“Learning of subjects per se will amount to nothing if schools and teachers do not teach pupils moral values and survival skills; There should always be a hidden curriculum that is based on eternal values of diligence, honesty, kindness, optimism, and compassion. In languages and social sciences and even science, it is important to have warming up exercises to begin teaching of content. It is imperative that students know not merely the learning objectives related to the teaching of the subject but also associated life skills. Teachers must get students to reflect on what they learn in a class, encourage new ways of thinking, reflect on how their actions can impact others and get students to explore options to make life happier for all. Cultivating a greater self-awareness and tolerance for the opinions of others is imperative. Getting students to take responsibility by assigning small jobs and asking them to devise their own solutions goes a long way in instilling life skills and boosting morale while forming teams and grouping goes a long way in building skills of collaboration and acceptance of diversity. It is equally important to create a flexible learning environment to induce creative thinking, where young people are not restricted and can use their imagination to create solutions. Outdoor experiences and social outreach programmes must be included to foster social sensitivity and empathy. Getting students to advocate for themselves and have a conversation with an authority figure is another great way of honing skills of expression and articulation.”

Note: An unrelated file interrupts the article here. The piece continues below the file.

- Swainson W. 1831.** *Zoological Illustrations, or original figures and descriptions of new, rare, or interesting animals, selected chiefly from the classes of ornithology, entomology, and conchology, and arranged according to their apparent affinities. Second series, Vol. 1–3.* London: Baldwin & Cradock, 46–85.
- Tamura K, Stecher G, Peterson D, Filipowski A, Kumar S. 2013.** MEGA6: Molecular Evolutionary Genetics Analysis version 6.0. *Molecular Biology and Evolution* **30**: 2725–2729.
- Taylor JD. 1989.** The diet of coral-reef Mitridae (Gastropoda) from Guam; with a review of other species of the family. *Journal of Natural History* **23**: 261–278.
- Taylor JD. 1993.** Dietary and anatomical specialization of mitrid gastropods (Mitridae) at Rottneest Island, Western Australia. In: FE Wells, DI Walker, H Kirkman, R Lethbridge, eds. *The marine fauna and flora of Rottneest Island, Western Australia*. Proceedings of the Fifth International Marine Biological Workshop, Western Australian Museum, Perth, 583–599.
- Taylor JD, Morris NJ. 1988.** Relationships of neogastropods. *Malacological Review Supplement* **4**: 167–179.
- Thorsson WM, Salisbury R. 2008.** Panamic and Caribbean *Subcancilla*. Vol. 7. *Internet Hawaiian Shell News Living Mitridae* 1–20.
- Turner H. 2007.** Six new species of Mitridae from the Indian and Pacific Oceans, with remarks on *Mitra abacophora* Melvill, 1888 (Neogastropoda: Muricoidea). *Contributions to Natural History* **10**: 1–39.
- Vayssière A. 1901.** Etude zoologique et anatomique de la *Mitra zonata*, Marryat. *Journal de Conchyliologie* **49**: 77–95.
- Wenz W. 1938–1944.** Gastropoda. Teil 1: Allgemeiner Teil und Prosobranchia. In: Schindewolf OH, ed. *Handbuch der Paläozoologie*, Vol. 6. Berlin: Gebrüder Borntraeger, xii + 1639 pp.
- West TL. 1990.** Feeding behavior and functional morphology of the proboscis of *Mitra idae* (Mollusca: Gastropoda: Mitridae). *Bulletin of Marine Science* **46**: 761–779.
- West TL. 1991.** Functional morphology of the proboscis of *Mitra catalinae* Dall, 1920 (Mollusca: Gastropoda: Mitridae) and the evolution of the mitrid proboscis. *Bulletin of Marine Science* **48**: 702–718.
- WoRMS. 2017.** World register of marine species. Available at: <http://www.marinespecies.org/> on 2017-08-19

Lt Col. A Sekhar: “My experience across India, as a soldier educationist highlights the following: Inspiring role models matter. As teachers, students focus on our actions, not words, (especially under pressure). As teachers, are we proficient in life skills, values? Impact of parents, society, media is enormous.”

It’s never too early… nor too late!

Educators unanimously agree that it is never too early to start life skills education. “Life skills are a crucial part of early childhood education. Not every life skill comes naturally, many life skills effective communication skills need to be introduced and then consistently supported and taught over and over. For example, little children don't naturally know how to make good choices. Life skills help children know what to do in everyday situations as well as how to make good decisions about more abstract, long-term choices. Teaching children problem-solving and decision-making prepare them to manage peer pressure and make good decisions as she grows into adulthood,” affirms Dr. Swaroop.